Register to reply 
Variation of chemical potential with T and P 
Share this thread: 
#1
Oct2313, 05:44 PM

P: 711

So the expression for Gibb's free energy is:
dG = SdT + VdP + μdN, Here, we see that the Gibb's free energy changes with temperature (dT), change in pressure (dP) and change in chemical potential (as a result of change in particle number). My question is: we know chemical potential varies with both change in temperature and pressure. So if we don't add/remove particles from the system, the chemical potential does change with variation of P and T...so is that already included in the above equation? (That is, in the above equation, are we accounting for the change in Gibb's free energy as a result of change in chemical potential as a result of variation of T and P, in addition to the change in chemical potential due to change in particle number). Further, when the number of particles changes, there might be a number of chemical reactions that take place, so the temperature T might change because of that also, which would change the sdT term at the beginning, right? I guess I'm just having problems understanding chemical potential :/ 


#2
Oct2313, 06:32 PM

Mentor
P: 5,388

[tex]G=G(T,P,N_1,...,N_m)[/tex] An infinitecimal change in G can be represented using the chain rule for partial differentiation: [tex]dG=\frac{\partial G}{\partial T}dT+\frac{\partial G}{\partial P}dP+\frac{\partial G}{\partial N_1}dN_1+...+\frac{\partial G}{\partial N_m}dN_m[/tex] Each of the partial derivatives in this equation is a function of T, P, and the N's, with [tex]\frac{\partial G}{\partial T}=S[/tex] [tex]\frac{\partial G}{\partial P}=V[/tex] and [tex]\frac{\partial G}{\partial N_i}=μ_i[/tex] I hope this helps.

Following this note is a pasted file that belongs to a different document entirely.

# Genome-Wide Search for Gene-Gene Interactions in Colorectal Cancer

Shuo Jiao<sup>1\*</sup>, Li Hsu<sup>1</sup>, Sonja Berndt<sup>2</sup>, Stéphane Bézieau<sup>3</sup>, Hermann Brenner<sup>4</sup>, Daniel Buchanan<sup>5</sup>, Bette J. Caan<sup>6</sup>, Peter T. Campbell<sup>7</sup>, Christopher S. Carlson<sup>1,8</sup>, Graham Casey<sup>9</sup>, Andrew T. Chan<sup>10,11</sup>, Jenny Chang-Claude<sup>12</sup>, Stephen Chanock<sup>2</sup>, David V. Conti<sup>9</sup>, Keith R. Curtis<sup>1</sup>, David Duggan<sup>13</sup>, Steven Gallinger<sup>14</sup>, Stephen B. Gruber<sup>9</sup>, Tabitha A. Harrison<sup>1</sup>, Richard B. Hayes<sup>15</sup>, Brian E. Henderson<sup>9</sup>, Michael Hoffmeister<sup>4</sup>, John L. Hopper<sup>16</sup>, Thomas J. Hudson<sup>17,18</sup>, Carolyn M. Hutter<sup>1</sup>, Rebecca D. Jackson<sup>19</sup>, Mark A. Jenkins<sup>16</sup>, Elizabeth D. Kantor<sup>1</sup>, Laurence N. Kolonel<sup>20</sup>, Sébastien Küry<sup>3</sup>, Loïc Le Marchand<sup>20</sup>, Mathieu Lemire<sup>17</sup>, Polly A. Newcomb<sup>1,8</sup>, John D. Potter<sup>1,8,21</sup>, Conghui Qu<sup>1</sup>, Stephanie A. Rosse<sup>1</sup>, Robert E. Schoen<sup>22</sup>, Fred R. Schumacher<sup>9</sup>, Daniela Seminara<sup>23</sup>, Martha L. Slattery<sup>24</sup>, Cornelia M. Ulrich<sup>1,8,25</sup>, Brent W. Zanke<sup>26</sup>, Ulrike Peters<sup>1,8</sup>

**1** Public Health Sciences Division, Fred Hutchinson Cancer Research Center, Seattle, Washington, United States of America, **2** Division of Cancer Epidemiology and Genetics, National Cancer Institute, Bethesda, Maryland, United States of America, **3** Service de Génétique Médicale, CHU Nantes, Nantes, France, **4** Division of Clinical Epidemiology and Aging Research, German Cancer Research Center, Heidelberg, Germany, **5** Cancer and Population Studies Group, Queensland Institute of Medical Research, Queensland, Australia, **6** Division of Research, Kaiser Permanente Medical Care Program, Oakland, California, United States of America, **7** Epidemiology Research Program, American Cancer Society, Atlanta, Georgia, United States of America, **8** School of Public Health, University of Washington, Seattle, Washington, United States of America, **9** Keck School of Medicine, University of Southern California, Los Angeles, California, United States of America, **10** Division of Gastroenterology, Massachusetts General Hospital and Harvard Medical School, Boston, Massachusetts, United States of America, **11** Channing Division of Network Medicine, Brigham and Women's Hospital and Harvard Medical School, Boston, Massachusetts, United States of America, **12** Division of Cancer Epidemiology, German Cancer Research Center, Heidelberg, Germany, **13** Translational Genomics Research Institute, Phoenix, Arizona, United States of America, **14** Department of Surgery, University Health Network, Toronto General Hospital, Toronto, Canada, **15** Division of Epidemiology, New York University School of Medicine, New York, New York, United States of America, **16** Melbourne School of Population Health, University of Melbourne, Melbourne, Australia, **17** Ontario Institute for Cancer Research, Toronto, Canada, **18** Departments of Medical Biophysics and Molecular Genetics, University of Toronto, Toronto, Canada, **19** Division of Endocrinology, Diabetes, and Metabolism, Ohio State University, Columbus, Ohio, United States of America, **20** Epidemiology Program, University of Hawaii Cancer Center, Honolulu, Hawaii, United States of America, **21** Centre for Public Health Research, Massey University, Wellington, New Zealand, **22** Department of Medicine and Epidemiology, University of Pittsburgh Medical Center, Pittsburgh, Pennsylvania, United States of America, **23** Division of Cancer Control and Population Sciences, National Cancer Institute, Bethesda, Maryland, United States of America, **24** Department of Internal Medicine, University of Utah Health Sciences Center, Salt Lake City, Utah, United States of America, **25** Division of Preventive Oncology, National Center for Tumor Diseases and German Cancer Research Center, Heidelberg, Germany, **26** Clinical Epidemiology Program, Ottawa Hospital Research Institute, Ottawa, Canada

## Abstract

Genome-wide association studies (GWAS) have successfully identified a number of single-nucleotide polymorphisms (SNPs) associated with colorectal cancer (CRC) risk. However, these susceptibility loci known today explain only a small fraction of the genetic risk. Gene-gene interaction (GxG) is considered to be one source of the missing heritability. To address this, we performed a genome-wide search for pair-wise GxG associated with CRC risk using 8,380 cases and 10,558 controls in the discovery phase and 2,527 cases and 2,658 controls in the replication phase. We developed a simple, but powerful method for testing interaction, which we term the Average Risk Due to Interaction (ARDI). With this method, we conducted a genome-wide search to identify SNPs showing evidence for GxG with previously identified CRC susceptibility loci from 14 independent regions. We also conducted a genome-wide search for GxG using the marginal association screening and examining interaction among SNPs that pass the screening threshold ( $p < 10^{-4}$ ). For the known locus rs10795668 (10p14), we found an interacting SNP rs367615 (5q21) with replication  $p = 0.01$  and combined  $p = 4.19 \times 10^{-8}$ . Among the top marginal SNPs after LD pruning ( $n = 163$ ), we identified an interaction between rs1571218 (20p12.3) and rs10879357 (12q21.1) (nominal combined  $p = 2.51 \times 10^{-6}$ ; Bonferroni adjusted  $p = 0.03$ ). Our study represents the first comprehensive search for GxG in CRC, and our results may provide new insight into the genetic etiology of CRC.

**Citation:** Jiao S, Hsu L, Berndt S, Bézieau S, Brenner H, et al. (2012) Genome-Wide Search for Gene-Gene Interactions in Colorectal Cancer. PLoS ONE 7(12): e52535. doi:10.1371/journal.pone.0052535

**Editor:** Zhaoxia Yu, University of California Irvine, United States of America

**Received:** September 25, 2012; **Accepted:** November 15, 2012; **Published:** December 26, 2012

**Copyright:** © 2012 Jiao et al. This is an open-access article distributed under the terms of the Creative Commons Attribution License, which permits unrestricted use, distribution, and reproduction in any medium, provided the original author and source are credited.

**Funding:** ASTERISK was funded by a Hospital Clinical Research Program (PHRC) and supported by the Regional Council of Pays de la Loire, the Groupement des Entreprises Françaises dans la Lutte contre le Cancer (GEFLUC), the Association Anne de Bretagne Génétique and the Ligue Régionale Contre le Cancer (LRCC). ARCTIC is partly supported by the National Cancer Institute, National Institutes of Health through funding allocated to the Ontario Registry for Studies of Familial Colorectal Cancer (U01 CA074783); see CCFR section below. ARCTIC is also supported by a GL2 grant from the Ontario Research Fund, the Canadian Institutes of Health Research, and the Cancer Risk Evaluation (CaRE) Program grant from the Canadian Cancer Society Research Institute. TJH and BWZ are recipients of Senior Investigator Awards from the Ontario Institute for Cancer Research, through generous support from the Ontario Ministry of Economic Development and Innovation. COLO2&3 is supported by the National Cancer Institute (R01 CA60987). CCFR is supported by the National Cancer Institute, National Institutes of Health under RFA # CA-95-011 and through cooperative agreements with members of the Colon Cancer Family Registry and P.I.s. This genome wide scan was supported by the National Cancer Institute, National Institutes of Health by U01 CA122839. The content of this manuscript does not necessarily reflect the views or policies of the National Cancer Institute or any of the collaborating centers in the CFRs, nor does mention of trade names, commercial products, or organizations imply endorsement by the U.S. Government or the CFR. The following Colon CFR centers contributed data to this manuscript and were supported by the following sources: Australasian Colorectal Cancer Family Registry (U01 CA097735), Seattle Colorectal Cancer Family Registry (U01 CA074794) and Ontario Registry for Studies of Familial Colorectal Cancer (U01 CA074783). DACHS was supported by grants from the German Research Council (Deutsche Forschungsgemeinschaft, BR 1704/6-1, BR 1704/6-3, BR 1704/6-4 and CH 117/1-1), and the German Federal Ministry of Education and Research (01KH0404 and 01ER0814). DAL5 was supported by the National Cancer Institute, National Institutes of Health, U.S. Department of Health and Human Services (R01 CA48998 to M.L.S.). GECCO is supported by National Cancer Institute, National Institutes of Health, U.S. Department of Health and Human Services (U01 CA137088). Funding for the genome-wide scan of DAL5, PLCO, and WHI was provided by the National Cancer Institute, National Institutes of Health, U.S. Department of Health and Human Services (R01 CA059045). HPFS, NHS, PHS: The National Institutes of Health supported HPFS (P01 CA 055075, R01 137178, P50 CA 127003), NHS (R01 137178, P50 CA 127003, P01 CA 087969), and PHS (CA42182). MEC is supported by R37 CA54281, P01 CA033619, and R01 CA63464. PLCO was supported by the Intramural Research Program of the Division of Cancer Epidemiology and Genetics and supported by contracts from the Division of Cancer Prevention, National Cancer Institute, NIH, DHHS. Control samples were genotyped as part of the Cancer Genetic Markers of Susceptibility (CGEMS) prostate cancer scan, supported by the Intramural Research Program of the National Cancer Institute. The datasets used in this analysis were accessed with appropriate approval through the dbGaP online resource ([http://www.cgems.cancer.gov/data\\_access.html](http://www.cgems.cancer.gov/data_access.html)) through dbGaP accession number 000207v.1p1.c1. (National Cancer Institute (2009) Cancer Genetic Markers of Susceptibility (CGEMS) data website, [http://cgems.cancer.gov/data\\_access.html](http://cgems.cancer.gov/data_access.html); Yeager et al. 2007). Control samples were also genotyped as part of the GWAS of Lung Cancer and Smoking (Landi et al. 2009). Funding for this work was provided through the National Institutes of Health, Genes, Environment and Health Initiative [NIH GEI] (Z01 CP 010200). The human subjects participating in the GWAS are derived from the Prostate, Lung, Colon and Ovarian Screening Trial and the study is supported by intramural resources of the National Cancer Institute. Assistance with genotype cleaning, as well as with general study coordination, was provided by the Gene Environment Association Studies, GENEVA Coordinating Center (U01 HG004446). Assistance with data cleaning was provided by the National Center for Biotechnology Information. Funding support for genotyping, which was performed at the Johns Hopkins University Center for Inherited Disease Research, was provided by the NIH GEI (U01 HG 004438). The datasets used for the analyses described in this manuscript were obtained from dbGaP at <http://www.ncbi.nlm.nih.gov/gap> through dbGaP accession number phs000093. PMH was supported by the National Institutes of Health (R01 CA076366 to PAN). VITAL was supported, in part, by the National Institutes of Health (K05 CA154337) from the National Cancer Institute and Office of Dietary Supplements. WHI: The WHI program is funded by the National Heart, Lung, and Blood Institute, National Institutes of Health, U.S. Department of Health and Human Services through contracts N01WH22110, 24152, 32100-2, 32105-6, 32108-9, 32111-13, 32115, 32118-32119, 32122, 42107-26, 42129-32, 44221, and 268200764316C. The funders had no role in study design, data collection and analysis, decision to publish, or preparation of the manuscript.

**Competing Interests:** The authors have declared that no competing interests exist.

#3
Oct2513, 03:11 PM

Sci Advisor
P: 3,630

Of course mu is a function of T and P, also.
Given that ##\mu=\partial G/\partial N## we have ##(\partial\mu /\partial T)_P=\partial^2 G/\partial N \partial T=\partial^2 G /\partial T \partial N =(\partial S/\partial N)_P = S_m## i.e. the partial molar entropy and analogously ##(\partial \mu/\partial P)_T=V_m ## the partial molar volume. So for fixed N, ##d\mu=S_mdT+V_m dP## 


#4
Nov2213, 01:26 PM

P: 711

Variation of chemical potential with T and P
Can I just go on to ask what the difference between chemical potential and chemical affinity is? They seem to , intuitively, mean the same thing but chemical potential is +ve for a reaction that's progressing and affinity is negative!
Also, is A (affinity) always the same sign as the rate of reaction? 


#5
Nov2413, 04:22 PM

Sci Advisor
P: 3,630

##A=\Delta G_r=\sum \nu_i \mu_i##
were ##\nu_i## are the stochiometric coefficients of the reaction taking place. So basically A is a weighed sum of chemical potentials. 


Register to reply 
Related Discussions  
Question w/ chemical potential, equivalence to Energy or Potential?  Classical Physics  2  
Particle in a potential variation method  Advanced Physics Homework  5  
Electrochemical potential, chemical potential and Fermi levels. Ashcroft is confusing  Atomic, Solid State, Comp. Physics  0  
Zero chemical potential  Atomic, Solid State, Comp. Physics  8  
Describing chemical potential in Galvanic cell using Coulomb Force/Electric Potential  Classical Physics  0